Great Ancoats Street has been known for a few things over the years. One was Toys R Us, another the Crown & Anchor and, more recently, the controversial £9m ‘upgrade’ which saw 70 new trees planted along its length – turning it into what the Council deem “a European-style boulevard.”
As a kid, getting driven erratically down Great Ancoats Street by my dad in an old K reg Ford Orion, the most visually impressive thing that I hoped to gleam out of the window was the massive newspaper printing presses in operation in the historic Express Building, a modern monolith of chrome, curves and tinted glass.
It was amazing. Even though I often caught a glimpse of the Oldham Evening Chronicle being printed down on Union Street, the presses at the Express Building were around three times as big and a true sight to behold – especially as a child whose only experience of newspaper production was one that montage scene in the 1978 Superman Movie.
Construction on the futurist art deco building was completed in 1939, one of three Daily Express offices dotted around the UK, and all designed by engineer Sir Owen Williams to resemble each other.
With opaque and vitrolite glass, curved corners and chrome horizontal lines, they were considered “space-age” in a time before anyone had even thought to send a rocket up into the solar system. Well, except Hitler.
Still admired by Mancunians today, the building served as the home for the Daily Express for 50 years, a time when the paper enjoyed the success of being the most circulated in the world, with sales of up to 2.25 million during the 30s and 40s.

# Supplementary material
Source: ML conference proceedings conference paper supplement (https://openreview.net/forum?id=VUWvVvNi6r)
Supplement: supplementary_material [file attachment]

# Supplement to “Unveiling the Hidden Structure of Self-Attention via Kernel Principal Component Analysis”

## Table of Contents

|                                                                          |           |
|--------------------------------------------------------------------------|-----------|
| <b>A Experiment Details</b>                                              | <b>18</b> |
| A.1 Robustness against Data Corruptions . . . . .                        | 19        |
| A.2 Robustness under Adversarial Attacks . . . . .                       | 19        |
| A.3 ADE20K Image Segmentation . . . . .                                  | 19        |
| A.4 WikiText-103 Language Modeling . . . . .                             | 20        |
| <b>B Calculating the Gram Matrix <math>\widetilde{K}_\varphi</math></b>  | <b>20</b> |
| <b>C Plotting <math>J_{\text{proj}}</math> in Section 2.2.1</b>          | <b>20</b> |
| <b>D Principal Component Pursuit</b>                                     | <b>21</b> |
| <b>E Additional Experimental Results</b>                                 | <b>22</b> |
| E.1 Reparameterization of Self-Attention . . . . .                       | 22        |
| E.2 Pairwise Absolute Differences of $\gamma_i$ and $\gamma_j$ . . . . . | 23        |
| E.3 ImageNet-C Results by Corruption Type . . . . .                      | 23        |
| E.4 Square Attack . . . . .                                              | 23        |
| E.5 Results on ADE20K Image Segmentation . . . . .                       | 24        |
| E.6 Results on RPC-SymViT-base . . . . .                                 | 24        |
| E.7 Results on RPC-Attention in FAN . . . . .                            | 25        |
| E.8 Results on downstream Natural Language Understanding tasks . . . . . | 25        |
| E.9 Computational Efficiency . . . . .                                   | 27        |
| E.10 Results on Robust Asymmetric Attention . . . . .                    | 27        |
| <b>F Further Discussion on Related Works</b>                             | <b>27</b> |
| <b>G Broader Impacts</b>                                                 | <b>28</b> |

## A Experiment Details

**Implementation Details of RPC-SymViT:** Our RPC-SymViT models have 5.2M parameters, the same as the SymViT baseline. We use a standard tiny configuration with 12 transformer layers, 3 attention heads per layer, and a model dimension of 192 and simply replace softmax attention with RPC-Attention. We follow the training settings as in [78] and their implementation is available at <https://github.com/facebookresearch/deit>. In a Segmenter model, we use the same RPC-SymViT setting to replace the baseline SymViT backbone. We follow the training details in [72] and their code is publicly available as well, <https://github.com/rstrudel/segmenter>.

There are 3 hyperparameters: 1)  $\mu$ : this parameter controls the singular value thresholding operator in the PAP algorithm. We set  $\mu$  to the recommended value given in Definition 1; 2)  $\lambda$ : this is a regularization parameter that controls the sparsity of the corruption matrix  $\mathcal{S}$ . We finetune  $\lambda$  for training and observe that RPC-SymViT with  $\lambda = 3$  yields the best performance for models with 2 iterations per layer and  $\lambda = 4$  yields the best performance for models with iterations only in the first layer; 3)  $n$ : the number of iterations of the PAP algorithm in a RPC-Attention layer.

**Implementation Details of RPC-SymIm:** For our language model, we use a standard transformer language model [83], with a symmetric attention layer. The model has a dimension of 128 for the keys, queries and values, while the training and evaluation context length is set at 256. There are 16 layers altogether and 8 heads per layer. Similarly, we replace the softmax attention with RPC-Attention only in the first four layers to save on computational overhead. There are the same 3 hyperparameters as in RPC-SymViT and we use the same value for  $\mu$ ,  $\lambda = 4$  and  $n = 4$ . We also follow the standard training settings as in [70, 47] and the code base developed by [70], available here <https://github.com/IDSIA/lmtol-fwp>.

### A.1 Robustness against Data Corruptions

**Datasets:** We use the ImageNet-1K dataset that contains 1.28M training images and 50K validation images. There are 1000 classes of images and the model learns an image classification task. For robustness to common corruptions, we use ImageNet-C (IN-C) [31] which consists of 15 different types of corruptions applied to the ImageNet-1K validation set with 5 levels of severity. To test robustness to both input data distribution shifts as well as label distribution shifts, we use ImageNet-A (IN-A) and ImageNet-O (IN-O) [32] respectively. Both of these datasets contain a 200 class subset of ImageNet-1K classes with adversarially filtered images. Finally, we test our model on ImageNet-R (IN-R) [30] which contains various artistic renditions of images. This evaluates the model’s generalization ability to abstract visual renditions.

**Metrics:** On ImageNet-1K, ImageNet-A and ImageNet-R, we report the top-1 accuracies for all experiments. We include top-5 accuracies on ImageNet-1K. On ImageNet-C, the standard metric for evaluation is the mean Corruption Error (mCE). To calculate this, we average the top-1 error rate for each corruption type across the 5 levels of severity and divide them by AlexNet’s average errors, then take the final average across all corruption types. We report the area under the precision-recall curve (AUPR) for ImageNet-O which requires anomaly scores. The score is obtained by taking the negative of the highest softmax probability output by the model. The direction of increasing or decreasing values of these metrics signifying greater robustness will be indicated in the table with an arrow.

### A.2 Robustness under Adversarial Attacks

Sir Owen Williams was often described as more of an engineer than an architect, but enjoyed a very distinguished career nonetheless, with other works including the Dorchester Hotel, the M1 motorway and Spaghetti Junction on the M6 – which enjoyed considerable fame when it was unveiled in 1972.
As the graft began inside the newly opened Express Building, and workers flocked to its chromed magnificence, a small but interesting choice of businesses arose to feed and water them, and the pub right next door, the excellent Crown & Kettle enjoyed frequent lunchtime and after-work busy periods for decades.
There was also the rather dodgy Lord Nelson pub on the top of Newton Street, and the notorious Crusader Club, “a fabulously drunken and dirty place” where workers could go to get hammered and have a dance.
It was actually part of the main building, and once you descended the dangerously steep steps below, you were in a “murky world beneath the gutter.”
Run by a fella named Sid Garfield, he would sit on the door of the club, answering the bell of workers throughout the night – with many staying in there until at least 4am, or setting their watch with the early morning paper vans that would snake out of the loading bays at 6am.
After only 35 years of being open, the building became Grade II listed in 1974, becoming Manchester’s youngest building to do so.
However, by the late 1980s, the Daily Express had moved out of Manchester, effectively abandoning the building as a printing centre. Throughout the 90s it was extended and added to as offices and refurbished around the turn of the Millennium.
It went through more hands than a mediocre Premier League player, being sold to Washington, D.C.-based A&A Investments in 2006 for £20.5 million, and then again in 2013 and finally, again in 2017. It even had a spell as a residential building, with apartments to rent up on the upper floors.
Since then, the entire building has been given a complete overhaul, transforming it into a super-modern 77,500 sq ft office complete with events spaces, wellness facilities (in the basement where Crusader Club was), a rooftop terrace, podcast booths, meditation studios and loads more.
Such an extensive and, frankly rather impressive overhaul of the building is welcome news to everyone who appreciates this iconic building’s timeless design, a talisman that has come to symbolise the regeneration of Ancoats itself. A modern reimagining of the city’s historic streets – and the Express Building act as a shiny, timeless gateway to it all.